The Caucasian rugs get their name from the area in which they were made – the Caucasus. The Caucasus is a region that produces distinctive rugs since the dawn of civilization and in quantities from the 19th Century. The antique Caucasian rugs are primarily produced as village and tribal pieces rather than the fine and intricate city productions. At one time it was assumed that all of the rugs in the Caucasus were woven by “Tribal” or “Nomadic” weavers. That if one bought a Lezgi Star Rug it was woven by a Lezgi weaver. Some even saw Schurmann’s classic Caucasian Carpets as a guide to the tribes of the Caucasus. Then a reversal came and it was suggested that virtually all Caucasian rugs were commercial and the patterns came from Russian Government (first Czarist then Communist) Kustar pattern books. In the 1820s the Czarist Russians divided Transcaucasia into the Russian provinces of Baku, Derbent, Sheki, Karabagh, Shirvan, Talysh, and Kuba. Riad: Caucasus. The Russians divided the region in the manner that was easiest for them to administrate and it did not necessarily follow an ethnographic approach in the division. The Czarist Russians began to solidify their hold as early as 1805 – 1820 but they did not truly control the region for many years. With the capture of the great rebel religious leader Shamyl in 1859 and the end of the rebellion in 1864 did Czarist control truly solidify regional control. In 1865 to eliminate risk of future rebellion the Russians forced 1.2 million Caucasians to move to Turkey. It is strongly suspected that areas such as Ngorno-Karabakh which were historically Muslim were depopulated and then repopulated with Armenians. As Christians, the Armenians had an easier time with the Orthodox Christian Russians.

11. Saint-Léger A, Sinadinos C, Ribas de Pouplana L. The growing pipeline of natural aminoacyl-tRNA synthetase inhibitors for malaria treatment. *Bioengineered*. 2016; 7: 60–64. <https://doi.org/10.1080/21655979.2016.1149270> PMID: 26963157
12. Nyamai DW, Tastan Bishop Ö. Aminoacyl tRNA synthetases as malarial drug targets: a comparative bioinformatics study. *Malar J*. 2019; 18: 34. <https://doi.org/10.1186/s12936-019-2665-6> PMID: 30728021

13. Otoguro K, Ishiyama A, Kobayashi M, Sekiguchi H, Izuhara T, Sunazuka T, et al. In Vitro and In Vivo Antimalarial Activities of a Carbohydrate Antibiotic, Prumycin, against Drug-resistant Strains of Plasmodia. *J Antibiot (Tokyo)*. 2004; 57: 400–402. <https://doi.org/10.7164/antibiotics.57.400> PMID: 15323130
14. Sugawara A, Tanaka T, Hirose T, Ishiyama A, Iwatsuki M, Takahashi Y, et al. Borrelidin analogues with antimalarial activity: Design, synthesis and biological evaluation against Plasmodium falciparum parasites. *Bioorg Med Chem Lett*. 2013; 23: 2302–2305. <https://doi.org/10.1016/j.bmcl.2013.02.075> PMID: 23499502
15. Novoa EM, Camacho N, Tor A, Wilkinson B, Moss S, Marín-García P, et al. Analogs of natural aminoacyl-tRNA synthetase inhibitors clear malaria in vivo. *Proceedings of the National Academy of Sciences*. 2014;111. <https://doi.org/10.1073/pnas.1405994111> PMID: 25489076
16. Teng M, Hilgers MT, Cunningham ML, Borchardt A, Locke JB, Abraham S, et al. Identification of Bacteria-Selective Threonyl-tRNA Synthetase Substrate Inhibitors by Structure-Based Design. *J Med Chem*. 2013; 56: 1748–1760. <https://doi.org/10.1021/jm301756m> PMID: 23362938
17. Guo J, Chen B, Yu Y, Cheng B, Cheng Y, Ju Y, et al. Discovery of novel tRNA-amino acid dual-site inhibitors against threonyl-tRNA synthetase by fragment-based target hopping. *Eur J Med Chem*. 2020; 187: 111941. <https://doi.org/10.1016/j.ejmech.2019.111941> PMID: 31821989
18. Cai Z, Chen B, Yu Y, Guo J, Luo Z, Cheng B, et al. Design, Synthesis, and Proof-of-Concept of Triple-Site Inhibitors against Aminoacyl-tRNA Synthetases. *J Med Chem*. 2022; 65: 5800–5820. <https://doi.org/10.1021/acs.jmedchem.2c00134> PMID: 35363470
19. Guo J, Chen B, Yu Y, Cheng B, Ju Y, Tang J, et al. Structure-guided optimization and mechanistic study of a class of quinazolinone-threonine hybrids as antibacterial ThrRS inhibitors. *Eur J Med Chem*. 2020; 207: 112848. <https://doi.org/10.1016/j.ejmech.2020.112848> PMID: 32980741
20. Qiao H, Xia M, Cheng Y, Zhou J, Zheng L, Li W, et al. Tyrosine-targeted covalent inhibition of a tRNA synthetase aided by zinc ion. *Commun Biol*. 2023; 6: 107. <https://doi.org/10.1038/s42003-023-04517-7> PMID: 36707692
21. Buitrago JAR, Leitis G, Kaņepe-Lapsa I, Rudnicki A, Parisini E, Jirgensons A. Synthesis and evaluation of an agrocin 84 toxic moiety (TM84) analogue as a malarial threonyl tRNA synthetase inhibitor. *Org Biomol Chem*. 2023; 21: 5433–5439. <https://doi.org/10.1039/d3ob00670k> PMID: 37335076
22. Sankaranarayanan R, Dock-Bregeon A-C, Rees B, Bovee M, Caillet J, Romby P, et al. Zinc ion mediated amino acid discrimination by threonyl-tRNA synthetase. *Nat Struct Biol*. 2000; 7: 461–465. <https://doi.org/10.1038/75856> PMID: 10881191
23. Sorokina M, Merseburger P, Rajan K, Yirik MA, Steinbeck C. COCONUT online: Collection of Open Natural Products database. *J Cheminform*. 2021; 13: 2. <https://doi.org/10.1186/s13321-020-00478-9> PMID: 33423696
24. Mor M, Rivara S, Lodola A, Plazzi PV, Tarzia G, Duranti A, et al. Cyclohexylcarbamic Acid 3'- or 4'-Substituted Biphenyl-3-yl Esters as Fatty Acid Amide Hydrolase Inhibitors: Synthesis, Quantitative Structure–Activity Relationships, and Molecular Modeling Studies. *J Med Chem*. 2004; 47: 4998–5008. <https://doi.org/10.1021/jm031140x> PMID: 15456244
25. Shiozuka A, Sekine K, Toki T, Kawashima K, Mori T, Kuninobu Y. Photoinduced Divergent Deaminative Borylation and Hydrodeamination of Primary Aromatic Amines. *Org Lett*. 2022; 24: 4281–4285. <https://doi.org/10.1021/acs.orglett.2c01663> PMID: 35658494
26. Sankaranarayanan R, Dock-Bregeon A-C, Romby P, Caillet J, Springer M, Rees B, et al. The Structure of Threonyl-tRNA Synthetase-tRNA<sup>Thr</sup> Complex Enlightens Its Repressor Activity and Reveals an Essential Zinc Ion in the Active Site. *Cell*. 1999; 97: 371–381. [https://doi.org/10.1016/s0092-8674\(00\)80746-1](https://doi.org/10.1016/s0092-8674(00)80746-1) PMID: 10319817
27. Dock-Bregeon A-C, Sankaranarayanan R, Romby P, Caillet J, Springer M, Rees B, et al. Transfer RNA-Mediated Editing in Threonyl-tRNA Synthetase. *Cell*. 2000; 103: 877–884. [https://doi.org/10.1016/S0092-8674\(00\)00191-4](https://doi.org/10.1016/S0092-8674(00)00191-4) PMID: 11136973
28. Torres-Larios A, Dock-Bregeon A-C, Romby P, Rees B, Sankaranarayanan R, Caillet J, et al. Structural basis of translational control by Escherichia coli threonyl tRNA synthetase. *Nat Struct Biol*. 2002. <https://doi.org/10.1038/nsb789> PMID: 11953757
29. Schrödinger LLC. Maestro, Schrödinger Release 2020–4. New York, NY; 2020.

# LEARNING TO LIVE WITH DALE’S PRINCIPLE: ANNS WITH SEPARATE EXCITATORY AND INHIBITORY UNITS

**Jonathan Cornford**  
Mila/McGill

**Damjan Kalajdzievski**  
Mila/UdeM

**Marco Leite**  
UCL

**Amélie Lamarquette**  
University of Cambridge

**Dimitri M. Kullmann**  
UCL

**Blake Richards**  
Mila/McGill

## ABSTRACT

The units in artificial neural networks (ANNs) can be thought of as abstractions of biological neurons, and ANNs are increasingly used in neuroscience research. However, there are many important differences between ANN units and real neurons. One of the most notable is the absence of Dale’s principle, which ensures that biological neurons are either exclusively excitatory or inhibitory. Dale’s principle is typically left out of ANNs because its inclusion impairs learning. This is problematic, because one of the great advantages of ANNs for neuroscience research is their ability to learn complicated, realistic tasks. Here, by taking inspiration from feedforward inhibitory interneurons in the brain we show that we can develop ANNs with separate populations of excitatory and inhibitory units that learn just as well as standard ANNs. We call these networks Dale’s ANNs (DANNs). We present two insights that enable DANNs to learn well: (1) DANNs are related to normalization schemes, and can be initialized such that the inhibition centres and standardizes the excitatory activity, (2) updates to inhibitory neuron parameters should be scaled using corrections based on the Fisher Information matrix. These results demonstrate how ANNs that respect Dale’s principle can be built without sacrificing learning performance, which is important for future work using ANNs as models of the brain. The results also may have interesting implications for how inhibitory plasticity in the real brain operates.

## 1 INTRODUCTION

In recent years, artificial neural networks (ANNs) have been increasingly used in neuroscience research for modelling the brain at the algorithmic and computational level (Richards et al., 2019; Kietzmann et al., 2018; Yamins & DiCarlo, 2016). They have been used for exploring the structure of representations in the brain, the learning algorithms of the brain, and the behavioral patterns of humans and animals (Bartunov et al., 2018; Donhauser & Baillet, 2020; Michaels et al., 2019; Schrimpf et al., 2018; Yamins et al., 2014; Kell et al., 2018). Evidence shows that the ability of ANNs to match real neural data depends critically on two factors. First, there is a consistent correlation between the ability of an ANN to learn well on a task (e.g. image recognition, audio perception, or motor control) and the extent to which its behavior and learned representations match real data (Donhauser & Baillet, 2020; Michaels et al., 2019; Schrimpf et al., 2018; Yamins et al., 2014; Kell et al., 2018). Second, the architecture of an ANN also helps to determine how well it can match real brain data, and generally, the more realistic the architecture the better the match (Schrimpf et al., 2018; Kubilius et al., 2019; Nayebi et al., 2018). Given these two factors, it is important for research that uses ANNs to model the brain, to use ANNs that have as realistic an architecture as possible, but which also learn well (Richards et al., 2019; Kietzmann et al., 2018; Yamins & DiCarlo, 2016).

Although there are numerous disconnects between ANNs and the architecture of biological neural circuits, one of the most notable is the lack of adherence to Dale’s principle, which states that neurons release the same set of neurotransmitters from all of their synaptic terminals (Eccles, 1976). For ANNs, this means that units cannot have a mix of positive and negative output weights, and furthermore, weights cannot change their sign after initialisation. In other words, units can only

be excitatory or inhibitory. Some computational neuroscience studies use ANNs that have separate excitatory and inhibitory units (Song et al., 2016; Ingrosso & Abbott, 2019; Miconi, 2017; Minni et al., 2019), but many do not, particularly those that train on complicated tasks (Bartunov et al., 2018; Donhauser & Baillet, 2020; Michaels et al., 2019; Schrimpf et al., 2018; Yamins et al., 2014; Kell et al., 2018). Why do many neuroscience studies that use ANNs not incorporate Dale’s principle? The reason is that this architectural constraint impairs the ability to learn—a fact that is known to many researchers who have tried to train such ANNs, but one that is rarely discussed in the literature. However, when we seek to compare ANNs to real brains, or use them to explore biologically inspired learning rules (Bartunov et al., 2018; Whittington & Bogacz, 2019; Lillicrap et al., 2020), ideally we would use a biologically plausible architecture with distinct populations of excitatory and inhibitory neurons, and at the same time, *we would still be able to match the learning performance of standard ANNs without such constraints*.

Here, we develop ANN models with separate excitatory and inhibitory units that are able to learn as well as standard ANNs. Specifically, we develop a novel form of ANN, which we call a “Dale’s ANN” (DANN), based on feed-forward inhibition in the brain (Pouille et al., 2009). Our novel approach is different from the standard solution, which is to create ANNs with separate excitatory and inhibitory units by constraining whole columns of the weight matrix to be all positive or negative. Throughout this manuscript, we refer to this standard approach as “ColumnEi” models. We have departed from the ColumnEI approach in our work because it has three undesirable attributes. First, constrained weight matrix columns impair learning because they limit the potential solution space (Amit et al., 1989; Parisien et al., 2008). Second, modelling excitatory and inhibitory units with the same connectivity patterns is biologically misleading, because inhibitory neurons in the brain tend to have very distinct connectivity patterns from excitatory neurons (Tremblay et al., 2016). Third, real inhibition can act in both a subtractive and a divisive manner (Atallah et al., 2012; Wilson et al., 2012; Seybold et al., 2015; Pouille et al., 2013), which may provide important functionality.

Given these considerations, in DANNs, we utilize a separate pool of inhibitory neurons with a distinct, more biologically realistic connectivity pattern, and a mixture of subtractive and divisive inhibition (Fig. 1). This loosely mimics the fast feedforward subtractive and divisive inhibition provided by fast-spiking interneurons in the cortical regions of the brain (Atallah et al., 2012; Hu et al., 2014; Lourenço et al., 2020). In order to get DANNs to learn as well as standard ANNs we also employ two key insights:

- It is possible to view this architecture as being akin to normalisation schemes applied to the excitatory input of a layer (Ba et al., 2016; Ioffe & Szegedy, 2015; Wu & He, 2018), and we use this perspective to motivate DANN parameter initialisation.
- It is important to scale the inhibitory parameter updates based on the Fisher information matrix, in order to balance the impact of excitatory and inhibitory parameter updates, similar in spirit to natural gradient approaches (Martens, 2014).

The word Kazak probably derives from the Russian for Cossack – originally Christian Russian and Ukrainian serfs who fled from feudal landlords, and were known as vicious warriors. The rugs from the Caucasus are primarily made of materials that are (or were) particular to their tribal provinces and some of the styles that are “typical” or better known to the Caucasus region are Shriven, Dagestan, Kuba, Kazak rugs. Most older Caucasian antique tribal carpets are “all wool” – not only the knotted pile, but the warp and weft threads are usually made from hand-spun woolen yarn or goat hair. However, one can sometimes find older antique carpets (and, more frequently, in some newer examples) with cotton warps and wefts. Shriven region Oriental Rugs are noted for their wool wrap threads, but are made with cotton weft threads and selvedges. Caucasian Rugs are probably the most widely collected type of antique rugs. The strongest market for Caucasian rugs has to be Italy who appreciates these rugs for their tribal and primitive designs complimenting the classical architecture and historic buildings. The colors of the best antique (100 years old or greater) Caucasian carpets were produced exclusively from natural materials found in the respective tribal regions, with the deep greens, vibrant yellows, and deep rose tones being the most precious. The distinguishing aspect of the Caucasian carpet is its emphasis on rich and varied color. The number and colors of selvedges often can be an identifier to the area of origin. The designs and colors of antique Caucasian rugs are unique for two reasons: tradition – more deeply rooted in Asia than anywhere else, and the inherent geographic isolation. Visual balance is achieved by contrasting wildly different colors, rather than the more traditional approach of shading similar hues. While Caucasian rugs tend to feature floral designs, their depiction is usually highly stylized, abstract, and geometric. One can see the evolution of tribal rug weaving in the history of antique Caucasian carpets. All the expected motifs are present, including dragons, flowers, birds, crabs, and other animals. In later centuries, a Russian influence became more pronounced. Virtually every Caucasian rug is crafted using the symmetry of the Turkish knot.